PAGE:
As the gateway to North Africa for Western countries, Egypt is a key trading and political partner with many states in the region. The United States’ total bilateral trade with Egypt totaled $9.1 billion in 2021, while EU trade exceeded €37 billion in 2022. In addition to Egypt’s economic value to the West, it also serves a strategic role in the Arab League, assisting in providing regional peace and stability. The country is also known for its vast natural resources, including petroleum, natural gas, phosphates, and iron ore; interest in these resources has only heightened since the war in Ukraine called energy supplies into question.

Yet Egypt itself is in a precarious economic situation, facing record-high inflation. In a conversation with a Japanese newspaper, Egyptian president Abdel Fatah al-Sisi expressed concern that the influx of refugees from Sudan would place an increased economic burden on Egypt. Moreover, there are also security concerns: as thousands gather at the southwest border between the two countries, the chances for terrorism, human and drug trafficking, and smuggling activity are at an all-time high.

The border region between the two countries has a history of violence, with extremist groups such as ISIS and Al Qaeda often using the area to carry out illicit activities in the region. Since the border has also been a hub for human trafficking, the substantial increase in refugees increases the odds for extremist group members to cross over into Egypt. In response to this threat, Cairo has dispatched anti-terrorism troops to the border to protect refugees and improve security.

The West Must Act to Prevent Further Instability

Nonetheless, the fighting in Sudan has put the nation at risk of collapse, with Egypt at risk of following suit due to its already fragile economic situation. The potential for increased destabilization and conflict throughout the region must be taken seriously. The international community must assist Egypt in processing and providing for these refugees.

Yet with both sides of the Sudanese conflict having tens of thousands of fighters, foreign backers, and resources, it is difficult to say when this war will end and how many people will continue to be displaced as a result. If peace talks in Saudi Arabia do not go well, this conflict has the potential to mirror other conflicts that have devastated entire regions, such as Lebanon and Syria. Aiding Egypt in its mitigation of the refugee crisis is one step that the West can take to prevent this from happening. The United Nations has pledged $445 million to ease the crisis, which will be sent to countries that are receiving refugees throughout the region. The United States, in partnership with the European Union, should provide direct assistance to Egypt to ensure that both Egyptians and the refugees crossing the border have access to secure food sources. Additional foreign aid should be provided to assist in stabilizing the Egyptian economy, incurring the security of U.S. and EU trading interests through the Suez Canal. These measures could include infrastructure packages and efforts to help stabilize the Egyptian pound.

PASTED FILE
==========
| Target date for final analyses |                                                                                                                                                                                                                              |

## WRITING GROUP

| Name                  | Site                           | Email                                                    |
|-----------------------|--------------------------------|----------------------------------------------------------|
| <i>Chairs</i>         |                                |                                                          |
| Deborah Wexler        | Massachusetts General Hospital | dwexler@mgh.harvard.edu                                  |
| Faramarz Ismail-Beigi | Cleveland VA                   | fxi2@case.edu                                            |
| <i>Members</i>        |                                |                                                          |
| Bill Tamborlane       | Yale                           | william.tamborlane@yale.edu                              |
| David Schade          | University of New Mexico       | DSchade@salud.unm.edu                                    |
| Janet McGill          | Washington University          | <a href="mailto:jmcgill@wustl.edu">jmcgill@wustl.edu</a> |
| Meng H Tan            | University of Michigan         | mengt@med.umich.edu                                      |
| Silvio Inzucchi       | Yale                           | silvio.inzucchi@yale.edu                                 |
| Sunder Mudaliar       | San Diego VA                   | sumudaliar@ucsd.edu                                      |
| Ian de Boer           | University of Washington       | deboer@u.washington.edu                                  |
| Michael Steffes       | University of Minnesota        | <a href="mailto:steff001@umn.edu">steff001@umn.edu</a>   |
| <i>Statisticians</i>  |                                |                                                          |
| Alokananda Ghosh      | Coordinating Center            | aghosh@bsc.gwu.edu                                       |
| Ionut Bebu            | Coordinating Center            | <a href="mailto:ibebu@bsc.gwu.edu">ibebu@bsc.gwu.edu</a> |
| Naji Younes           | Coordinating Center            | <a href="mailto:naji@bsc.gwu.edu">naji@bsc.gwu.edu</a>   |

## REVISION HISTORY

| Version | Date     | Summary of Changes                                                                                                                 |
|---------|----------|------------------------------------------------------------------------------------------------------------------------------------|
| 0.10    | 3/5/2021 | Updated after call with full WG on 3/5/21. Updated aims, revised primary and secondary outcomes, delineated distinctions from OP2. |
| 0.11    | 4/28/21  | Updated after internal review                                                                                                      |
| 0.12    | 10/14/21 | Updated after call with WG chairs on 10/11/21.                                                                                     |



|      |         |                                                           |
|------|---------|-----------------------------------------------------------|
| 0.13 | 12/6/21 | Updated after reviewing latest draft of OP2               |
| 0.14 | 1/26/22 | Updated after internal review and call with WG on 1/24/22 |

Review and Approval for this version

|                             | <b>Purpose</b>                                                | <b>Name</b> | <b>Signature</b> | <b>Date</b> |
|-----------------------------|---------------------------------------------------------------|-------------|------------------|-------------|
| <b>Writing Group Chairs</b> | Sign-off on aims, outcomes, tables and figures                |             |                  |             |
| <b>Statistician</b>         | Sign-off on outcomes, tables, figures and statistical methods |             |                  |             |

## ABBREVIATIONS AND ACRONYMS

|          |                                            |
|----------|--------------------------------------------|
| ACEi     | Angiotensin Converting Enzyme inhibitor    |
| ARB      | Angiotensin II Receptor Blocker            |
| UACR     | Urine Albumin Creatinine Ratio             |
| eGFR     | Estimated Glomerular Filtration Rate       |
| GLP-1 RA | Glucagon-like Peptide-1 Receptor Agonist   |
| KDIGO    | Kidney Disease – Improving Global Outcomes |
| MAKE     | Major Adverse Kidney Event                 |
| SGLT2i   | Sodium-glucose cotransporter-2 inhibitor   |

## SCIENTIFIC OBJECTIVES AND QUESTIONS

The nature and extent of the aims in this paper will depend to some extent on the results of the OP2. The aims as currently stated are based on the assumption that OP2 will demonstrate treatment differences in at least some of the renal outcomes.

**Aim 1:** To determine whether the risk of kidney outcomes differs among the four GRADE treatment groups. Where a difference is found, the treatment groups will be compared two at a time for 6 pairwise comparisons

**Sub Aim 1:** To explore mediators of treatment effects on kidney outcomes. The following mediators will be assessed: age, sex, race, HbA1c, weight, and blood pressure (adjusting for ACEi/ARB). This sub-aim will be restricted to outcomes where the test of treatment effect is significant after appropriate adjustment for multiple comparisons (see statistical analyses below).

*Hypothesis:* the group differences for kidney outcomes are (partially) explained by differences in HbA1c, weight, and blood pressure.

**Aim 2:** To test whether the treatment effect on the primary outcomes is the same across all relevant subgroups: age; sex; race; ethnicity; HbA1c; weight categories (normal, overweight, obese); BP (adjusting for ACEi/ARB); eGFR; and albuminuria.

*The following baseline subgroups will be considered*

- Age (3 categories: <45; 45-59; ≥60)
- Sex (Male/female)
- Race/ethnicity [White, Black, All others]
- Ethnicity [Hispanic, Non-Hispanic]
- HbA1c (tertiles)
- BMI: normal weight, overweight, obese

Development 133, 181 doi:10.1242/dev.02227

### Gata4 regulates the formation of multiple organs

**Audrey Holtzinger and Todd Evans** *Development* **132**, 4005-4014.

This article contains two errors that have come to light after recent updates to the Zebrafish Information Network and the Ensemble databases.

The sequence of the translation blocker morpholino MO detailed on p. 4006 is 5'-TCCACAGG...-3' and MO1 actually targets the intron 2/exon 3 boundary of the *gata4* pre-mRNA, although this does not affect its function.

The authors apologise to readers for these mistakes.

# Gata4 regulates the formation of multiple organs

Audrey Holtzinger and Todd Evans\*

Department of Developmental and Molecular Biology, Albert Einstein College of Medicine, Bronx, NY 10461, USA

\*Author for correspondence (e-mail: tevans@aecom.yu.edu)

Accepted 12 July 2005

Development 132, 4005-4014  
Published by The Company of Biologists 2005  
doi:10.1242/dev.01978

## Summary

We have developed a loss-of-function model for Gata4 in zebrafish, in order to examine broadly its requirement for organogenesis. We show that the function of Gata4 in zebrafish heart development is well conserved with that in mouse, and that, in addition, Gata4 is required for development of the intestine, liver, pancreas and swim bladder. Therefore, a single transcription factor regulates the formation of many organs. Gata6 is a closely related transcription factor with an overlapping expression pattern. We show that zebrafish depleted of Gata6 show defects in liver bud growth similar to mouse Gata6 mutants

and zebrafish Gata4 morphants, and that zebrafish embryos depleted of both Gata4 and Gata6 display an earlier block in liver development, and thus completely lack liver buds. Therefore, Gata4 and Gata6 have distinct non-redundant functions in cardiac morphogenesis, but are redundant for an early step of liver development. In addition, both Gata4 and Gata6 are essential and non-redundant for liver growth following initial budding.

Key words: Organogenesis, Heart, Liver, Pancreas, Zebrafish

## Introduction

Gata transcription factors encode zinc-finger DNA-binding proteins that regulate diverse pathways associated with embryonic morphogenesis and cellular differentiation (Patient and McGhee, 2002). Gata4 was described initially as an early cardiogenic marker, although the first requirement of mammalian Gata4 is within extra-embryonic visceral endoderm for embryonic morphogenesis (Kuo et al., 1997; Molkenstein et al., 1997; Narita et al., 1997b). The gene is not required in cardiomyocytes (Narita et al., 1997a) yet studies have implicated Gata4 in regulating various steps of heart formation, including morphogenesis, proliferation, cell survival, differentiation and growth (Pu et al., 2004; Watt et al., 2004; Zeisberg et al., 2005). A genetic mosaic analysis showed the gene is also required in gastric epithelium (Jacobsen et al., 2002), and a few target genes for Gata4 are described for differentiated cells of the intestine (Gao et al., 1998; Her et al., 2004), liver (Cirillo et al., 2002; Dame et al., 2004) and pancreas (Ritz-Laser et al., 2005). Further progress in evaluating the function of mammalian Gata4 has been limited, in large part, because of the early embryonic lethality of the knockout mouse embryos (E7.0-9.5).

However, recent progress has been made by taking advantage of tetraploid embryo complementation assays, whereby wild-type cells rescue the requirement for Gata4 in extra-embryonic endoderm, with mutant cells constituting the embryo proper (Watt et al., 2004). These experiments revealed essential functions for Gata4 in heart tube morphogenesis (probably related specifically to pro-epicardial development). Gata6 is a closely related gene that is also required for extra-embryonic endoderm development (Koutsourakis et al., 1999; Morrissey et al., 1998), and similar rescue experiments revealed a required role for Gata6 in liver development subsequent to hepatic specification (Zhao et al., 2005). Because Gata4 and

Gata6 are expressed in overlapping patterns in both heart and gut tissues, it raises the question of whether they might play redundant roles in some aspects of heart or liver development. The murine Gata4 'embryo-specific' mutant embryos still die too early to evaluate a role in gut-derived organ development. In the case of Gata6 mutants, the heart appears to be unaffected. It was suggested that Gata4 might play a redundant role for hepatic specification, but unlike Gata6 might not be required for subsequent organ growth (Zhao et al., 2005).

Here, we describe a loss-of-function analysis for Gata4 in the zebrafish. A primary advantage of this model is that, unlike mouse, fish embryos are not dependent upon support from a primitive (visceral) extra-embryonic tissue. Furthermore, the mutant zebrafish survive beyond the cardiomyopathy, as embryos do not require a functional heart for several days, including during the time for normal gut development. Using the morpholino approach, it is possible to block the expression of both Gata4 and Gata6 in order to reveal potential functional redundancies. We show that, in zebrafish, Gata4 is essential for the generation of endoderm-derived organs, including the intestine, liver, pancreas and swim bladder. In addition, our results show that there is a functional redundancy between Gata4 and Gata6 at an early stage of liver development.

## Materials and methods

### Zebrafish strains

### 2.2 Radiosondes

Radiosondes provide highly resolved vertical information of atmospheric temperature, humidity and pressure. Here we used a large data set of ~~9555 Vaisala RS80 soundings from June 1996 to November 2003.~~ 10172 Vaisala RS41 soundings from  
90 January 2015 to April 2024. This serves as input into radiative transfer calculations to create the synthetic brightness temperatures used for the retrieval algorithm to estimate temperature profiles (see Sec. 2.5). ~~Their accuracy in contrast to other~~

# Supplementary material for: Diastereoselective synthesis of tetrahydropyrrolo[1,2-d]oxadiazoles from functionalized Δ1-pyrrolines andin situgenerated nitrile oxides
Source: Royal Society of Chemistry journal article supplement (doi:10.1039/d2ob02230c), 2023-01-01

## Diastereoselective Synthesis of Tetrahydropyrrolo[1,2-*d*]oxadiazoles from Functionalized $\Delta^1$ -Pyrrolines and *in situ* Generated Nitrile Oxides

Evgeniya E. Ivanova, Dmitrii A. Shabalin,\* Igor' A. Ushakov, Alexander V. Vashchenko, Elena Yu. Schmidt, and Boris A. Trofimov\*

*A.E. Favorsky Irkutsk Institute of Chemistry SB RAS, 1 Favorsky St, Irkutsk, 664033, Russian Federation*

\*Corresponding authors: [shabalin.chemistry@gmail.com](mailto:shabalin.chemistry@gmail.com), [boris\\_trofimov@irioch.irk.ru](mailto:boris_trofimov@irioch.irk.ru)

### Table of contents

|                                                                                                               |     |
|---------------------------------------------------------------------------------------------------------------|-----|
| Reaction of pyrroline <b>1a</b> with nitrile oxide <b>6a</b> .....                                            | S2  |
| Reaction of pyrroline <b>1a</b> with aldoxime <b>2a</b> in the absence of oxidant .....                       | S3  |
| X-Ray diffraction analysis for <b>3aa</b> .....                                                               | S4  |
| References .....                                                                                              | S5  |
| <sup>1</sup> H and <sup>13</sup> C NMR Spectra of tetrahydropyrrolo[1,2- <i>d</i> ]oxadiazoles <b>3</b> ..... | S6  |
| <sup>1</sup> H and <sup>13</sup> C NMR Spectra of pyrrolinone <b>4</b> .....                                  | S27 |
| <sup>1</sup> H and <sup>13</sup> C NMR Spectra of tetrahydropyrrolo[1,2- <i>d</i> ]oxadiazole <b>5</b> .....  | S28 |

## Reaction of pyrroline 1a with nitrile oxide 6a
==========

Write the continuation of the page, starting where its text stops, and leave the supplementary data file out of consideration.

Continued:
As the conflict continues, it is imperative that the West take action. Egypt’s economy continues to deteriorate, and external stressors—including and especially the conflict in Sudan—could have monumental destabilizing impacts on the rest of the region, with consequences that could eventually affect both the United States and Europe directly.

As Washington engages both the SAF and the RSF in Saudi Arabia in the coming weeks, it should encourage reconciliation and a more permanent and successful solution. Otherwise, everyone involved will have to confront the consequences of failure: an increasing refugee crisis, additional stress on the Egyptian economy that could push it over the edge, and regional destabilization.

Riley Moeder is a Senior Analyst at New Lines Institute for Strategy and Policy, focusing her research on drivers of fragility in North Africa.

Image: Shutterstock.